n7 Although N.Y. City 894 permitted representing the City on a volunteer basis and simultaneously representing private clients with differing interests if, inter alia, there is consent and the matters are not substantially related, that opinion’s explication of the substantial relationship test may have been too broad. We prefer to rely on N.Y. City 80-7.
n8 Cf. Model Rule 1.7 (simultaneous representation is permitted only if the lawyer reasonably believes it will not adversely affect the clients and each client consents); see Restatement, The Law Governing Lawyers � 202(2)(c) (Tent. Draft No. 3, April 10, 1990).
After a lawyer-client relationship has been terminated, on the other hand, a law firm may undertake a representation adverse to a former client so long as the new representation is not substantially related to the prior matter and so long as there is not a substantial risk that confidences of the former client will be put to hostile use. DR 5-105(C); EC 4-5; EC 4-6. n9 The volunteer lawyer would thus be barred from representing a complainant only if there is a substantial relationship between the litigation matter in question and a matter in which the lawyer or the lawyer’s firm previously represented the City.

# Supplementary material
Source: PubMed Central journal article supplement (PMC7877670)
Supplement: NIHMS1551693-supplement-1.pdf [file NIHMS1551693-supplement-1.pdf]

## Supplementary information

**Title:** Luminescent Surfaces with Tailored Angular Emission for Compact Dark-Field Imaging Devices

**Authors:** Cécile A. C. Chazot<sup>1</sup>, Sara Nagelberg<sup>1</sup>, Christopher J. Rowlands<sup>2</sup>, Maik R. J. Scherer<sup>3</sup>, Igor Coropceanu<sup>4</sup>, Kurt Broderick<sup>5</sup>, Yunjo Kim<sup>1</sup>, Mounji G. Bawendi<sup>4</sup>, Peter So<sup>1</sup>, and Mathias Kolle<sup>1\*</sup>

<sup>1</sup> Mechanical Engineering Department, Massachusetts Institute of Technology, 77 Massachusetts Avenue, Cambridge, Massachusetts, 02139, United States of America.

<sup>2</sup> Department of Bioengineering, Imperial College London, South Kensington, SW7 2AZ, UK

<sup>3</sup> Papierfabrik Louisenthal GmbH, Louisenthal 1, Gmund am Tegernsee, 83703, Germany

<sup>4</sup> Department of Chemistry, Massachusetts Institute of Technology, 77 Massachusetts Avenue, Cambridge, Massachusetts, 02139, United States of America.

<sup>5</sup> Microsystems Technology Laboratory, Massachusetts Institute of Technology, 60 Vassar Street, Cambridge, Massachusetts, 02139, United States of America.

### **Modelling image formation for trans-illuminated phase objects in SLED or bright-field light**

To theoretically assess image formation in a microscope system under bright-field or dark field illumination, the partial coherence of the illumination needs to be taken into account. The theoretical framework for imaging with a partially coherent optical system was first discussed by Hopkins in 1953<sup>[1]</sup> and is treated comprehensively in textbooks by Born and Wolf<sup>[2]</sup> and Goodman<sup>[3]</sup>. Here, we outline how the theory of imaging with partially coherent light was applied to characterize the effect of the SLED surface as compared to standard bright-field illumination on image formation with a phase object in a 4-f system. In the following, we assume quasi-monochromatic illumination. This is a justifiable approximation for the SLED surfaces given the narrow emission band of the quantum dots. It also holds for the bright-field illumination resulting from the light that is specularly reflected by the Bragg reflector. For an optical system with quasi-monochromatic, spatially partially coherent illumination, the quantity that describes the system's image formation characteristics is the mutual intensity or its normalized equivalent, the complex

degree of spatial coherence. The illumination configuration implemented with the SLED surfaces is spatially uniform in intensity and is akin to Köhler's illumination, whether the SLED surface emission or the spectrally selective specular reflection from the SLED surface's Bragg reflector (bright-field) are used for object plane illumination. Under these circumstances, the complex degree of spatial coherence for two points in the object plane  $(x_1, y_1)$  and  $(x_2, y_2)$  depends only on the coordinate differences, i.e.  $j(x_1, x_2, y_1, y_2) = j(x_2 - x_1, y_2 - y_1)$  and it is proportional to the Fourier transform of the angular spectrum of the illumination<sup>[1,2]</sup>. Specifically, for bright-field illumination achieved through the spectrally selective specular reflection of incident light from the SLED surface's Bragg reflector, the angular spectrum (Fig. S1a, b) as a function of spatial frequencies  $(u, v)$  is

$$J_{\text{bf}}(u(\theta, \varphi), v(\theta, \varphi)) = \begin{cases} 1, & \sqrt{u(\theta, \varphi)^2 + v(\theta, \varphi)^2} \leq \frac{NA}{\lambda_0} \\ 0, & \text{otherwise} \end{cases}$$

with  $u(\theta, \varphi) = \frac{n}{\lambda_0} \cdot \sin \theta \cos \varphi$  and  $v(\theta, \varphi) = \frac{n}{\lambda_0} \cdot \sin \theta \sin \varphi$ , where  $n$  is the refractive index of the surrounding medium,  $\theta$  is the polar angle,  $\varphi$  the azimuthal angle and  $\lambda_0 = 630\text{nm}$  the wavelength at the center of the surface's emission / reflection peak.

n9 See also Canon 9 (“”A lawyer should avoid even the appearance of impropriety””) and Model Rule 1.9 (lawsuits against former clients may not be undertaken where there is a substantial relationship between the current action and the prior representation unless the former client consents).
If a lawyer or law firm is representing a complainant as a pro bono volunteer in a proceeding against the City and is at the same time suing the City in another matter, we see no ethical problem.
If a pro bono administrative law judge or the judge’s law firm represents the City and the City is a party in a proceeding before the Commission which the pro bono administrative law judge is asked to adjudicate, the judge should seek to be recused. Judicial Code, Canon 3(C). Similarly, if a pro bono administrative law judge is sitting on a case in which the City is a party and the judge or the judge’s law firm is litigating against the City, the judge should seek to be recused. We believe these same principles should apply to mediators.